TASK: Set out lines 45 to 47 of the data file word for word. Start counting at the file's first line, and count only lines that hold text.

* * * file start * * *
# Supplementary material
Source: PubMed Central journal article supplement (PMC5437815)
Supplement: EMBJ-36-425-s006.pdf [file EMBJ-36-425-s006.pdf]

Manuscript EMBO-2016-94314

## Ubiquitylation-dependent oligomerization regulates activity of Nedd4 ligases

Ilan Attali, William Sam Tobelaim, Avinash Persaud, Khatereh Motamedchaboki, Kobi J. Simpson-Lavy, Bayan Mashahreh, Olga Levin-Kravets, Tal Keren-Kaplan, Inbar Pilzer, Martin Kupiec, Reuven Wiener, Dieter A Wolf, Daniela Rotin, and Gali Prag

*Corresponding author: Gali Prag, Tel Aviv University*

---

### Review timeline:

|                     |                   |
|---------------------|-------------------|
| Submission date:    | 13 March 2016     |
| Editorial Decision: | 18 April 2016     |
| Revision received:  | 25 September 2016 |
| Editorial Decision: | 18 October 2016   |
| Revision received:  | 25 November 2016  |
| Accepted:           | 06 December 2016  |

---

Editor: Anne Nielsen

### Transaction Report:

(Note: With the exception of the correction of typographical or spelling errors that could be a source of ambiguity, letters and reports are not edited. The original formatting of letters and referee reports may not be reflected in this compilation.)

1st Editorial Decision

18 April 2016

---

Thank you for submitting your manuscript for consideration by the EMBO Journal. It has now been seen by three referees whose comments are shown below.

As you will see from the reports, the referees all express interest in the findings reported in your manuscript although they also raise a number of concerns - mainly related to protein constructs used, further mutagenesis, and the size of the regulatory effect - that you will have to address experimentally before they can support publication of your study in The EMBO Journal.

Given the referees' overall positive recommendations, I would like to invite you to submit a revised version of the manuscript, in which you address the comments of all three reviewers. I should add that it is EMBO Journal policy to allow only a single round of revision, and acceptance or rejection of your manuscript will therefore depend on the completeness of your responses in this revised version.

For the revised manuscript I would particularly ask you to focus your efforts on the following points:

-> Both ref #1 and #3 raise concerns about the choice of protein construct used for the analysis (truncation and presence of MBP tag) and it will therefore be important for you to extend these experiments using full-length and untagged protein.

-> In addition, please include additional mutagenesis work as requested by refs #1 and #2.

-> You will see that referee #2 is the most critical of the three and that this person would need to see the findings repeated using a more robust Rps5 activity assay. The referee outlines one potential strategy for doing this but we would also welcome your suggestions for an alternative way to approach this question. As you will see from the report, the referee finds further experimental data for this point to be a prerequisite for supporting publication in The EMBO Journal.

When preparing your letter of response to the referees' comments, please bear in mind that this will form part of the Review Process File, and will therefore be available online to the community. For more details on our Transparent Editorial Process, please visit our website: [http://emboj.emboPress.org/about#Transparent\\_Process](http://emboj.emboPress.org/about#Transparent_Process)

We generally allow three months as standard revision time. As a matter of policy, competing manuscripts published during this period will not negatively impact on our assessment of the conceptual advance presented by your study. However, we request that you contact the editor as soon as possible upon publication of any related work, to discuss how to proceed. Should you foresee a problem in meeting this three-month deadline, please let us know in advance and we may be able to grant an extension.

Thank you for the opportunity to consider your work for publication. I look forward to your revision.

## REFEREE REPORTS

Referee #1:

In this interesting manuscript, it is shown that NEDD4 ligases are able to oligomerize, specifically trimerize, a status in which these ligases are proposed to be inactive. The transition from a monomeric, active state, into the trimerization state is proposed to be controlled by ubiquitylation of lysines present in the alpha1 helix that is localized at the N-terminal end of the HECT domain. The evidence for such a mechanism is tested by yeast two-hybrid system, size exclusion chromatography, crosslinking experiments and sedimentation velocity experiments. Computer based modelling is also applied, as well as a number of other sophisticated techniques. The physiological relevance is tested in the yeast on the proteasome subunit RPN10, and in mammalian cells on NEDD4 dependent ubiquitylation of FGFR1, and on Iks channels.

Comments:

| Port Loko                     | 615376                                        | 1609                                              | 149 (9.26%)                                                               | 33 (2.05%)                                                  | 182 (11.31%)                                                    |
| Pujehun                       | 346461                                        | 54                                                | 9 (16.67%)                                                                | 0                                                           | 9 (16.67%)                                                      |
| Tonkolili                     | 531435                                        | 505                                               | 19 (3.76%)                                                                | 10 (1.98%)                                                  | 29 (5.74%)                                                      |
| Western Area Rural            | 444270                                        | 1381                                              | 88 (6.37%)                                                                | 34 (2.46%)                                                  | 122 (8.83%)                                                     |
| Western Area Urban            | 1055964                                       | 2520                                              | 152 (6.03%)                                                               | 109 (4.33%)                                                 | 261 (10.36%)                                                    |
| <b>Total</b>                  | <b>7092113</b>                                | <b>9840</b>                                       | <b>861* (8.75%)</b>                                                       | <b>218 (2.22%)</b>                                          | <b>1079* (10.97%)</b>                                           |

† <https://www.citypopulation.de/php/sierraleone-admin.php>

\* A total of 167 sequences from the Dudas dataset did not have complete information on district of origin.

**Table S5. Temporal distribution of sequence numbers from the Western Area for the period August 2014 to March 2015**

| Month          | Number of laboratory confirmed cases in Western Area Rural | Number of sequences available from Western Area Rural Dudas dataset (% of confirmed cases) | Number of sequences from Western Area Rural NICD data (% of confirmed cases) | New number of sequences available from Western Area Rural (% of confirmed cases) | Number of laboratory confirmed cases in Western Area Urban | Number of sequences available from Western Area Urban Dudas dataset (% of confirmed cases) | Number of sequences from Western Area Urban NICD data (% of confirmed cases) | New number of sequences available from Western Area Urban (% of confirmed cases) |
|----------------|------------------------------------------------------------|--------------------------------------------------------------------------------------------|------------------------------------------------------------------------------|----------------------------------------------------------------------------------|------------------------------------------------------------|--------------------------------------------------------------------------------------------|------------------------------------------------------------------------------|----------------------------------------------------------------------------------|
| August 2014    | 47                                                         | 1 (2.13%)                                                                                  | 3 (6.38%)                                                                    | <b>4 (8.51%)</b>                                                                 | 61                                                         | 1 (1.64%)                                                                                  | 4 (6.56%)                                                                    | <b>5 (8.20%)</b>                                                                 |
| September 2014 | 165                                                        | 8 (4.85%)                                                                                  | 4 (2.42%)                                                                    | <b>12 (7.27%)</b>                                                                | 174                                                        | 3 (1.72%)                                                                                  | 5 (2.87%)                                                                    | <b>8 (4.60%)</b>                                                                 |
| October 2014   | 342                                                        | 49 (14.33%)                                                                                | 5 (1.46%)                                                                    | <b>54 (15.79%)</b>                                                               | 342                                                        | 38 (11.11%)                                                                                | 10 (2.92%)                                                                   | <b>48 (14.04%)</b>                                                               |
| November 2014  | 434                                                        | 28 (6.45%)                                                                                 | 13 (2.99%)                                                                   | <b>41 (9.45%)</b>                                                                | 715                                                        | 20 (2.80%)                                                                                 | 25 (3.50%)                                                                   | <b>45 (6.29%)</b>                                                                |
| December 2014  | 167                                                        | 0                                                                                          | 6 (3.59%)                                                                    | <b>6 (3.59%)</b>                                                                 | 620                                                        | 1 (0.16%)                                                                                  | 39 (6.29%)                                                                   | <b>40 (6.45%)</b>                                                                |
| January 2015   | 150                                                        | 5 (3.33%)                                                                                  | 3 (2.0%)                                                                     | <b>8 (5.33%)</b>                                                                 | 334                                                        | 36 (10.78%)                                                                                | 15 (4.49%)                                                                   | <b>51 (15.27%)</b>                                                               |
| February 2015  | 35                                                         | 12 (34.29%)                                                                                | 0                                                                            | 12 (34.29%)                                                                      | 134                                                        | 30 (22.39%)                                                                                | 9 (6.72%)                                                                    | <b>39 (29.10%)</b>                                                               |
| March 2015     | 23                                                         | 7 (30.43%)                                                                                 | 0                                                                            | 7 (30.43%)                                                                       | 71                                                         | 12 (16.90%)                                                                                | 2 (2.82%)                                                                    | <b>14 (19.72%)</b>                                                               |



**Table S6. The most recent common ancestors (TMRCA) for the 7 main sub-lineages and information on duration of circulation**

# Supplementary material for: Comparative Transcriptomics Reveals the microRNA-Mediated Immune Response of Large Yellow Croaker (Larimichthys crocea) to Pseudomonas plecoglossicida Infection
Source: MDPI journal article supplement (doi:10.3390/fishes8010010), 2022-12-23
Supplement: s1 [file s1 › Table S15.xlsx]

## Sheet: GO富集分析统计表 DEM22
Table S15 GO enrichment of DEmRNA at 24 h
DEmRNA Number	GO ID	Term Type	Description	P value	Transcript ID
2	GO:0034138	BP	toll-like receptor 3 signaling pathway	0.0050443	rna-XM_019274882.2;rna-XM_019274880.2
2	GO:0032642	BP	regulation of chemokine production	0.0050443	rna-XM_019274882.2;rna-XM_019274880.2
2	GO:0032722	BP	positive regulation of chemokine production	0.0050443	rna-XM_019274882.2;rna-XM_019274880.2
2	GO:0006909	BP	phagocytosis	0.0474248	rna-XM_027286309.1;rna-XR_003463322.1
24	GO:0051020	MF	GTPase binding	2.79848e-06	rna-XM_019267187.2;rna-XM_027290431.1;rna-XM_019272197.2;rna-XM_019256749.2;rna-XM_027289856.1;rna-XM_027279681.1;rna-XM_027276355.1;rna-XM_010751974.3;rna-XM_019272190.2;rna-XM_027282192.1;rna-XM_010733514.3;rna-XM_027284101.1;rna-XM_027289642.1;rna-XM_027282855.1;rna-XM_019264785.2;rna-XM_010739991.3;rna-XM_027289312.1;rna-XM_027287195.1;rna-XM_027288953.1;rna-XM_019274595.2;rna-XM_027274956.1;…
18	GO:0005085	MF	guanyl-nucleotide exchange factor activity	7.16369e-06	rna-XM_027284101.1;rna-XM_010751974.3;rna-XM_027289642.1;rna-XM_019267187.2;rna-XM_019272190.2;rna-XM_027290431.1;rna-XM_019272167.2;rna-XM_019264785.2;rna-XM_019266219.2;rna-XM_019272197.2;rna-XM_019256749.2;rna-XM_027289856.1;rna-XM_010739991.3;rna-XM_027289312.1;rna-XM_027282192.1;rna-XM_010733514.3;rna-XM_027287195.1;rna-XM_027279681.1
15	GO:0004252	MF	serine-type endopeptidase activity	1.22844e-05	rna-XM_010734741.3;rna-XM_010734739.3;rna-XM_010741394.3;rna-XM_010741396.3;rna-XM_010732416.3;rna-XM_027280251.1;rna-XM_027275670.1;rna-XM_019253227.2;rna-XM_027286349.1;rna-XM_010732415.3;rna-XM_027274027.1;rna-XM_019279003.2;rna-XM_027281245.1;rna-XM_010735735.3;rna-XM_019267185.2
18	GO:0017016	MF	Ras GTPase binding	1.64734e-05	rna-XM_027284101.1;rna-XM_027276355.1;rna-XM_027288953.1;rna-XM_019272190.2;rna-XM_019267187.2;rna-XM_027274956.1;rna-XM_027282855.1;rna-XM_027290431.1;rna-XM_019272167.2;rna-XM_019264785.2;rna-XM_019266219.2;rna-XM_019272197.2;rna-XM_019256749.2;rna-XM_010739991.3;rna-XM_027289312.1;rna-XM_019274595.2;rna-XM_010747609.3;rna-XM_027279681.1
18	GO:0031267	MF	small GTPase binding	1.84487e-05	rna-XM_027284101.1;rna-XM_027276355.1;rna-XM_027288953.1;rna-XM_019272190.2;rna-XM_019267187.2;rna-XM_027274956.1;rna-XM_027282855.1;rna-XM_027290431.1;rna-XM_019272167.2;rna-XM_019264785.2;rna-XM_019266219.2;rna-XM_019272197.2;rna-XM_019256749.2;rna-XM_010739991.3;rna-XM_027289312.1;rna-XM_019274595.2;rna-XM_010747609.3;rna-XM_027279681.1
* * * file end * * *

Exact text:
† <https://www.citypopulation.de/php/sierraleone-admin.php>

\* A total of 167 sequences from the Dudas dataset did not have complete information on district of origin.

**Table S5. Temporal distribution of sequence numbers from the Western Area for the period August 2014 to March 2015**